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Generic OxyContin On Horizon As Patents Don’t Hold Up In Court

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Generics

The decision could allow pharmaceutical companies like Teva Pharmaceuticals and Amneal Pharmaceuticals, to manufacture generic versions of the drug.

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February 4, 2016 | by Sarah Massey, M.Sc.

Purdue Pharma-held patents for its popular painkiller, OxyContin, have been invalidated based on a US Federal Circuit Court of Appeals ruling on Monday. The decision could allow pharmaceutical companies like Teva Pharmaceuticals and Amneal Pharmaceuticals, to manufacture generic versions of the drug.

Connecticut-based drugmaker Purdue launched a lawsuit against both Teva and Amneal – along with the US branch of Mylan – after the companies applied for US Food and Drug Administration (FDA) approval for their generic versions of OxyContin. The federal appeals court ruling aligned with that made by other judges on the case, who were in favour of allowing the drugmakers to launch a generic version of the pain medication.

“Despite the court's ruling, Purdue has several other patents protecting OxyContin, and we do not anticipate generic manufacturers selling the product in the near future,” said a statement released by Purdue following the ruling. The company also said they are considering what their next move should be.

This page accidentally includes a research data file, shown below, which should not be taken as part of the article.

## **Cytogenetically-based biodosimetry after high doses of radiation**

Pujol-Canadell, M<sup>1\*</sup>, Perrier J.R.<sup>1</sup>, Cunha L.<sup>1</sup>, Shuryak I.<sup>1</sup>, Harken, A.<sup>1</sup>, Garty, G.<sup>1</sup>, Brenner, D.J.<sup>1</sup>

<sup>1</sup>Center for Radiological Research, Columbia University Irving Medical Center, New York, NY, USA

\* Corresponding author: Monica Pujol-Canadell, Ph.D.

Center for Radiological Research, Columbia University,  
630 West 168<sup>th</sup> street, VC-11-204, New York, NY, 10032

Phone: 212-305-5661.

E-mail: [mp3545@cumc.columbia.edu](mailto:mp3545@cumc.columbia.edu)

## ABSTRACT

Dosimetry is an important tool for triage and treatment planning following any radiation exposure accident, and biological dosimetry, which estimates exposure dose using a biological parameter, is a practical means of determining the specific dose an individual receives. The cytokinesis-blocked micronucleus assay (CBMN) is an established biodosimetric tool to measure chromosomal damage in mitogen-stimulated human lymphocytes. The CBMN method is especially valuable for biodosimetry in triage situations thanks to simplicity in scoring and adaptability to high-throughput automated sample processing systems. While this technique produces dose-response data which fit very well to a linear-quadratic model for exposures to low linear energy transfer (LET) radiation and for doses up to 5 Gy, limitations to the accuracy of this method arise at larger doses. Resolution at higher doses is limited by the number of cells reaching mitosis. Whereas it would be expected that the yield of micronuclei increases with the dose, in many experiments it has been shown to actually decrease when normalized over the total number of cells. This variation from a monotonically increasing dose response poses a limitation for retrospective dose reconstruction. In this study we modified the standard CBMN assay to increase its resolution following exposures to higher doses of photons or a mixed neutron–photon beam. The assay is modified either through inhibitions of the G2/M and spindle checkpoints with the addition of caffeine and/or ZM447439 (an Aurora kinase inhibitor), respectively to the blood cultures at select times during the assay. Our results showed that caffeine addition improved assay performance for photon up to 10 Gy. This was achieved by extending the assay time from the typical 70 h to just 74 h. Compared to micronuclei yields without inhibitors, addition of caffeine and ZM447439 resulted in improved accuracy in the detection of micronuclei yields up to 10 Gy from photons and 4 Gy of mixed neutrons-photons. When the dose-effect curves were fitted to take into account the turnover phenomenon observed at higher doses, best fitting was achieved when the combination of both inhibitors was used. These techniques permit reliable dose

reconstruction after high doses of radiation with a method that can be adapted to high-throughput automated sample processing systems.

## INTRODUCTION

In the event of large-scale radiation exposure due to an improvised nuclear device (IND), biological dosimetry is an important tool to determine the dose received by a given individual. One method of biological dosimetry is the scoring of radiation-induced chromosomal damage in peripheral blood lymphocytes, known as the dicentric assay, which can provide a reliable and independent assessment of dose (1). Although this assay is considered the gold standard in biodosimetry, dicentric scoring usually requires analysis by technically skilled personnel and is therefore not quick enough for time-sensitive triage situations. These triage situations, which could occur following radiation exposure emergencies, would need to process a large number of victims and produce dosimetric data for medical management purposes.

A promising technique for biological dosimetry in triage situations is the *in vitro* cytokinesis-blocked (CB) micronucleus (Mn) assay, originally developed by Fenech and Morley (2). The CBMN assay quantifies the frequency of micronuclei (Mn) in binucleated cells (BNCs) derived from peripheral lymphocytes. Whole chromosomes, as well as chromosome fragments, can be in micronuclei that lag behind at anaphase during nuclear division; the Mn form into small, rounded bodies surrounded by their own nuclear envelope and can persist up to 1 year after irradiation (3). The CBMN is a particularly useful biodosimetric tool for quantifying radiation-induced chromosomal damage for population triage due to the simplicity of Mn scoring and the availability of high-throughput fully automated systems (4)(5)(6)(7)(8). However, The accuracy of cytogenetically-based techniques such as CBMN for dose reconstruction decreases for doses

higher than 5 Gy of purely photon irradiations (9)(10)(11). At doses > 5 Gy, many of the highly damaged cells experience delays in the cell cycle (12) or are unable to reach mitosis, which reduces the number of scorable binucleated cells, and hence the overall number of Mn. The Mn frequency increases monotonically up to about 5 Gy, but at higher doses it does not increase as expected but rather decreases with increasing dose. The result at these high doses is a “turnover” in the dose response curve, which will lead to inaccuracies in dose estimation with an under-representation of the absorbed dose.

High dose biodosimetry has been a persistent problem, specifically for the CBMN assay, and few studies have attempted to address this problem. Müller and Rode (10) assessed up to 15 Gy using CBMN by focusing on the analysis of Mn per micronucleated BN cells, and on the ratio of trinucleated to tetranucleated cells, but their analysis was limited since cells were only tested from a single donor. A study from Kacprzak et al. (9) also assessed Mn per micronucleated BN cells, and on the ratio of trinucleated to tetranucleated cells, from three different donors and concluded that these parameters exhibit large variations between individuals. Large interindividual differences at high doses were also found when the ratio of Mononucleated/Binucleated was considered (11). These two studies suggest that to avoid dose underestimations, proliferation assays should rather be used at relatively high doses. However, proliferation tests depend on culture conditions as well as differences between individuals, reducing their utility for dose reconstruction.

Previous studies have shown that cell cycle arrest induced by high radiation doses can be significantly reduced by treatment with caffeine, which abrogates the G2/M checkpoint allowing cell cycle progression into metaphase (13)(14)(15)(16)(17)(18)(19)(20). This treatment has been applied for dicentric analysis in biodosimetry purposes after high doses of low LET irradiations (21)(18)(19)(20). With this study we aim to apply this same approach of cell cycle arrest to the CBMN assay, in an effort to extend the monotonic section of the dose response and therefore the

While there are generic versions of the drug available on the market today, these are known as “authorized-versions” – those which are exactly the same as the branded drug, and have been given the go-ahead by Purdue. Of the four patents invalidated in the ruling, three were related to a new-and-improved formulation of the active ingredient in OxyContin, oxycodone.

The fourth patent includes formulation information intended to prevent patients from abusing the drug. These measures include causing the pill to gel when exposed to water so it cannot be injected, and making the pills nearly uncrushable. These technologies are being licensed from Grunenthal GmbH – a German pharmaceutical company.

U.S. District Judge Sidney Stein found in favour of Teva in 2014, by ruling that Purdue’s patents “did not add enough to what was already known.” Stein also dismissed the lawsuits against the other generic drugmakers. Purdue appealed all four cases and brought it to the Federal Circuit court.

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